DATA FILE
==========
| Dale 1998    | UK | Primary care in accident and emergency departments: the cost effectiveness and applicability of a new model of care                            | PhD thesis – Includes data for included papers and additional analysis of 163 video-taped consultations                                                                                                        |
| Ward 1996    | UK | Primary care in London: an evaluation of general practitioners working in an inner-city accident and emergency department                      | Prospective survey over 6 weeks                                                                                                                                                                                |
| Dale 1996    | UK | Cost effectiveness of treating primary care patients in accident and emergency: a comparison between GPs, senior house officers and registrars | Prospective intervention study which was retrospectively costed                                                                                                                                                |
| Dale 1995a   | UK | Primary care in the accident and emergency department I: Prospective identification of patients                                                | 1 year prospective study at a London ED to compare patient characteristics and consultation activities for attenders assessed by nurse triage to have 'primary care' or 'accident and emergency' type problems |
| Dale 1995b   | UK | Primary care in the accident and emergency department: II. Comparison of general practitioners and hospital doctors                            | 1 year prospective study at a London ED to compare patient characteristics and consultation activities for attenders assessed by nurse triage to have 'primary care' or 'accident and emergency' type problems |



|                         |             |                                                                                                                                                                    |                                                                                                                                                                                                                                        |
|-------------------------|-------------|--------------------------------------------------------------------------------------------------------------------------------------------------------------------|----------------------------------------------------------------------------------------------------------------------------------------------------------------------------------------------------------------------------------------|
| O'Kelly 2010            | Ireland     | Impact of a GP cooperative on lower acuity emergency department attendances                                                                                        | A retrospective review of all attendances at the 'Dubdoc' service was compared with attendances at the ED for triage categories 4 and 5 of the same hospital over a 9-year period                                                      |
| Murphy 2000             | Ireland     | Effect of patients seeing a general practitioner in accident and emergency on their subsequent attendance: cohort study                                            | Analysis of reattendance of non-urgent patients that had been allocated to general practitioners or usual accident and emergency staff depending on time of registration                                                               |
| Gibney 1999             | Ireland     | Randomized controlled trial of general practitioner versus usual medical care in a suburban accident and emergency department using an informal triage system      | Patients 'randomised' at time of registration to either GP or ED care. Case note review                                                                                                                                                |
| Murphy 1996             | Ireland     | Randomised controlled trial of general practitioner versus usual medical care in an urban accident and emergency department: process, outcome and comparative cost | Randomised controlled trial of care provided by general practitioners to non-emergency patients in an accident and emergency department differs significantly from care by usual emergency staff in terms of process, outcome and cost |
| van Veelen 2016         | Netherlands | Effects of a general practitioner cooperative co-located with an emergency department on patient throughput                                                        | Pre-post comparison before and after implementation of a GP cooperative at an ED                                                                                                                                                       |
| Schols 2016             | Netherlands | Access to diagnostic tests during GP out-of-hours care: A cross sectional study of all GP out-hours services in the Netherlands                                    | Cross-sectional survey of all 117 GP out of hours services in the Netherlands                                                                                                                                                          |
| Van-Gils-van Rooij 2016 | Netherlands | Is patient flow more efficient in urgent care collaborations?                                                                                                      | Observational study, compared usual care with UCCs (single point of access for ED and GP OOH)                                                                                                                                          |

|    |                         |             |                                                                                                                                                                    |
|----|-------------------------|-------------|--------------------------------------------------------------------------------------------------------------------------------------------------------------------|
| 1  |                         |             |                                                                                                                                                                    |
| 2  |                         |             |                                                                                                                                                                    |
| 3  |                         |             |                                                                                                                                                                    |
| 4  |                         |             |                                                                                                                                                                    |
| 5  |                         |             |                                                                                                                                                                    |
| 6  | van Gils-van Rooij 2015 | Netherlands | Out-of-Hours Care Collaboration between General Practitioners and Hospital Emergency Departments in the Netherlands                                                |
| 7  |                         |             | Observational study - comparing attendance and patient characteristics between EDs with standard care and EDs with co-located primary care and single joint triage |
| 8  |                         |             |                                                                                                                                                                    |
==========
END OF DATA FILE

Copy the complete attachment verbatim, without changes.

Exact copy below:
| Dale 1998    | UK | Primary care in accident and emergency departments: the cost effectiveness and applicability of a new model of care                            | PhD thesis – Includes data for included papers and additional analysis of 163 video-taped consultations                                                                                                        |
| Ward 1996    | UK | Primary care in London: an evaluation of general practitioners working in an inner-city accident and emergency department                      | Prospective survey over 6 weeks                                                                                                                                                                                |
| Dale 1996    | UK | Cost effectiveness of treating primary care patients in accident and emergency: a comparison between GPs, senior house officers and registrars | Prospective intervention study which was retrospectively costed                                                                                                                                                |
| Dale 1995a   | UK | Primary care in the accident and emergency department I: Prospective identification of patients                                                | 1 year prospective study at a London ED to compare patient characteristics and consultation activities for attenders assessed by nurse triage to have 'primary care' or 'accident and emergency' type problems |
| Dale 1995b   | UK | Primary care in the accident and emergency department: II. Comparison of general practitioners and hospital doctors                            | 1 year prospective study at a London ED to compare patient characteristics and consultation activities for attenders assessed by nurse triage to have 'primary care' or 'accident and emergency' type problems |



|                         |             |                                                                                                                                                                    |                                                                                                                                                                                                                                        |
|-------------------------|-------------|--------------------------------------------------------------------------------------------------------------------------------------------------------------------|----------------------------------------------------------------------------------------------------------------------------------------------------------------------------------------------------------------------------------------|
| O'Kelly 2010            | Ireland     | Impact of a GP cooperative on lower acuity emergency department attendances                                                                                        | A retrospective review of all attendances at the 'Dubdoc' service was compared with attendances at the ED for triage categories 4 and 5 of the same hospital over a 9-year period                                                      |
| Murphy 2000             | Ireland     | Effect of patients seeing a general practitioner in accident and emergency on their subsequent attendance: cohort study                                            | Analysis of reattendance of non-urgent patients that had been allocated to general practitioners or usual accident and emergency staff depending on time of registration                                                               |
| Gibney 1999             | Ireland     | Randomized controlled trial of general practitioner versus usual medical care in a suburban accident and emergency department using an informal triage system      | Patients 'randomised' at time of registration to either GP or ED care. Case note review                                                                                                                                                |
| Murphy 1996             | Ireland     | Randomised controlled trial of general practitioner versus usual medical care in an urban accident and emergency department: process, outcome and comparative cost | Randomised controlled trial of care provided by general practitioners to non-emergency patients in an accident and emergency department differs significantly from care by usual emergency staff in terms of process, outcome and cost |
| van Veelen 2016         | Netherlands | Effects of a general practitioner cooperative co-located with an emergency department on patient throughput                                                        | Pre-post comparison before and after implementation of a GP cooperative at an ED                                                                                                                                                       |
| Schols 2016             | Netherlands | Access to diagnostic tests during GP out-of-hours care: A cross sectional study of all GP out-hours services in the Netherlands                                    | Cross-sectional survey of all 117 GP out of hours services in the Netherlands                                                                                                                                                          |
| Van-Gils-van Rooij 2016 | Netherlands | Is patient flow more efficient in urgent care collaborations?                                                                                                      | Observational study, compared usual care with UCCs (single point of access for ED and GP OOH)                                                                                                                                          |

|    |                         |             |                                                                                                                                                                    |
|----|-------------------------|-------------|--------------------------------------------------------------------------------------------------------------------------------------------------------------------|
| 1  |                         |             |                                                                                                                                                                    |
| 2  |                         |             |                                                                                                                                                                    |
| 3  |                         |             |                                                                                                                                                                    |
| 4  |                         |             |                                                                                                                                                                    |
| 5  |                         |             |                                                                                                                                                                    |
| 6  | van Gils-van Rooij 2015 | Netherlands | Out-of-Hours Care Collaboration between General Practitioners and Hospital Emergency Departments in the Netherlands                                                |
| 7  |                         |             | Observational study - comparing attendance and patient characteristics between EDs with standard care and EDs with co-located primary care and single joint triage |
| 8  |                         |             |                                                                                                                                                                    |